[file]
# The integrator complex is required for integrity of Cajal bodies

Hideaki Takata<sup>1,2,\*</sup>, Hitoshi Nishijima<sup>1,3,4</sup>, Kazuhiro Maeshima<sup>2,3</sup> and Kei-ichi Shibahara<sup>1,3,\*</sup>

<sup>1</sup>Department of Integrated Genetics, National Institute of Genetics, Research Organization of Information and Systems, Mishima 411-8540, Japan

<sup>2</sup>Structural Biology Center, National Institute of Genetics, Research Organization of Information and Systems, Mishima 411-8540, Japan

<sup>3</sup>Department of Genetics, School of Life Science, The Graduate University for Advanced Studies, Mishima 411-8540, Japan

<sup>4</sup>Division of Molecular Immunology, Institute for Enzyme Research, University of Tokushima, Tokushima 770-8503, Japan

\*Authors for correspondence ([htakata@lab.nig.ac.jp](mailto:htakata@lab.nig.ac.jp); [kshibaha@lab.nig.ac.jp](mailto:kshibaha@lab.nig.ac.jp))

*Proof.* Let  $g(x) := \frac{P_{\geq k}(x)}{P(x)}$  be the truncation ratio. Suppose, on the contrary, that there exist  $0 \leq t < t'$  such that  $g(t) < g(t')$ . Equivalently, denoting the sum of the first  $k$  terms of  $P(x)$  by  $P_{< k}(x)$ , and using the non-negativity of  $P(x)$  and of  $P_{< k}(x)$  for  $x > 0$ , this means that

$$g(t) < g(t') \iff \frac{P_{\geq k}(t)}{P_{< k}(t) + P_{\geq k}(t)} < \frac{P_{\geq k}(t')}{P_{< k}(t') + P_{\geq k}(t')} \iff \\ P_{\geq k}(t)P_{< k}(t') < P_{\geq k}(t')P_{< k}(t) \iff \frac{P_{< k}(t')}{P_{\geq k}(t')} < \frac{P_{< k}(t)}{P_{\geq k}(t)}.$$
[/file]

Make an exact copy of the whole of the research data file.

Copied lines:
# The integrator complex is required for integrity of Cajal bodies

Hideaki Takata<sup>1,2,\*</sup>, Hitoshi Nishijima<sup>1,3,4</sup>, Kazuhiro Maeshima<sup>2,3</sup> and Kei-ichi Shibahara<sup>1,3,\*</sup>

<sup>1</sup>Department of Integrated Genetics, National Institute of Genetics, Research Organization of Information and Systems, Mishima 411-8540, Japan

<sup>2</sup>Structural Biology Center, National Institute of Genetics, Research Organization of Information and Systems, Mishima 411-8540, Japan

<sup>3</sup>Department of Genetics, School of Life Science, The Graduate University for Advanced Studies, Mishima 411-8540, Japan

<sup>4</sup>Division of Molecular Immunology, Institute for Enzyme Research, University of Tokushima, Tokushima 770-8503, Japan

\*Authors for correspondence ([htakata@lab.nig.ac.jp](mailto:htakata@lab.nig.ac.jp); [kshibaha@lab.nig.ac.jp](mailto:kshibaha@lab.nig.ac.jp))

*Proof.* Let  $g(x) := \frac{P_{\geq k}(x)}{P(x)}$  be the truncation ratio. Suppose, on the contrary, that there exist  $0 \leq t < t'$  such that  $g(t) < g(t')$ . Equivalently, denoting the sum of the first  $k$  terms of  $P(x)$  by  $P_{< k}(x)$ , and using the non-negativity of  $P(x)$  and of  $P_{< k}(x)$  for  $x > 0$ , this means that

$$g(t) < g(t') \iff \frac{P_{\geq k}(t)}{P_{< k}(t) + P_{\geq k}(t)} < \frac{P_{\geq k}(t')}{P_{< k}(t') + P_{\geq k}(t')} \iff \\ P_{\geq k}(t)P_{< k}(t') < P_{\geq k}(t')P_{< k}(t) \iff \frac{P_{< k}(t')}{P_{\geq k}(t')} < \frac{P_{< k}(t)}{P_{\geq k}(t)}.$$